Communication via UDP (User Datagram Protocol) / IP

A few terminals with Ethernet adapter and TCP/IP protocol stack also support UDP (User Datagram Protocol).
By the time of this writing, it wasn't clear yet how the display application could communicate via UDP - but most likely, there will be a set of interpreter commands and function for this purpose.  Thus, the following overview describes -more or less- the planned functionality. Please ask the software development engineer (Mr. Wolfgang Buescher) for details if you need them ...


  1. Introduction, technical background, limitations
  2. Interpreter commands and -functions to communicate via UDP
    1. udp.conn : sets the communication parameters, and optionally 'maps' interpreter variables into UPT packets
    2. udp.send : sends a single datagram
    3. udp.ra[0..3] : retrieves the N-th byte of the remote IP address.
    4. udp.rcvd : checks for reception, and (with udp.rvcd=0) prepares the next reception.
    5. udp.rcnt : returns the number of received packets
    6. udp.rd.b[N] : reads the N-th data byte of the received data field.
      Also available to access 16-bit 'words'and 32-bit 'doublewords'.
    7. udp.rd.len : retrieves the length (in bytes) of the last received data field.
    8. udp.tcnt : returns the number of sent packets
  3. Debugging UDP- and other LAN traffic using Wireshark
    1. Testing UDP with the demo application 'UDP_test.cvt'

See also (links to other documents):

  1. Manual for the UPT programming tool
    1. Interpreter functions (overview)
    2. Interpreter commands (overview)

1. Introduction, technical background, limitations

The User Datagram Protocol (short: UDP), is a relatively trivial, connection-less protocol. For general information on UDP, search the internet, or read this Wikipedia article.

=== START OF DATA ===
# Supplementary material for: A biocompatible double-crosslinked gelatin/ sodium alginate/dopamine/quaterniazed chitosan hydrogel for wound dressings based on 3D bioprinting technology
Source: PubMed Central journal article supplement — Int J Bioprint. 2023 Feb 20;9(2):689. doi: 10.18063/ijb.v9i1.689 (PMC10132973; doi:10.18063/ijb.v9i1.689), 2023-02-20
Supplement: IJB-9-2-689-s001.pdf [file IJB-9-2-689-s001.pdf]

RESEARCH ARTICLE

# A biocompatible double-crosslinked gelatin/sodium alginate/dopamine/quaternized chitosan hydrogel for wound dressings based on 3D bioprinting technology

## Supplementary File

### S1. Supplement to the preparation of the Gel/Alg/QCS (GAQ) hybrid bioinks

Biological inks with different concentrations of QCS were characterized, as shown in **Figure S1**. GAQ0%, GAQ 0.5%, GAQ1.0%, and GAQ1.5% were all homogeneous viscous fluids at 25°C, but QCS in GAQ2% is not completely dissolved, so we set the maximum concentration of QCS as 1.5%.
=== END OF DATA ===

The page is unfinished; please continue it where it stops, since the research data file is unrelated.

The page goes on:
UDP belongs to the 'Internet Protocol Suite' - but it must not be confused with TCP/IP. UDP is much simpler than TCP, which is the reason why UDP is sometimes used for field-bus communication over Ethernet. (in fact, the programmable devices by MKT can only use UDP "over Ethernet", nothing else, since there is no PPP-, nor SLIP protocol implemented in these devices).

Furthermore, in contrast to a fully fledged UDP implementation, this one is limited to a maximum blocksize of one Ethernet frame, thus the maximum 'net data size' is something near 1472 bytes per packet (size of one Ethernet frame minus IP- and UDP headers). In the author's opinion, this limitation is not too severe, because to replace CAN by UDP, a maximum "message" size of 1400 bytes (netto) should be sufficient - especially when compared with the 8-byte data field in a CAN message. Fragmentation of UDP packets would make the firmware too complicated, and require a lot of RAM to re-assemble the received fragments.

Mapping data ("values") to and from UDP packets is done by virtue of the terminal's built-in command interpreter. In fact, the same subroutines are used which also map and unmap CAN 'signals' from ("CANdb-") messages. Using the terminal's 'programmable events' (or, in future, the terminal's scripting language), you can even implement your own, UDP-based protocol to communicate between two devices via Ethernet (LAN).

Note: Sending and receiving UDP packets is only possible with the real hardware - the simulator in the programming tool doesn't support UDP (at least not yet.... 2010-05-25).

2. Interpreter commands and -functions to communicate via UDP

Work in progress ! ...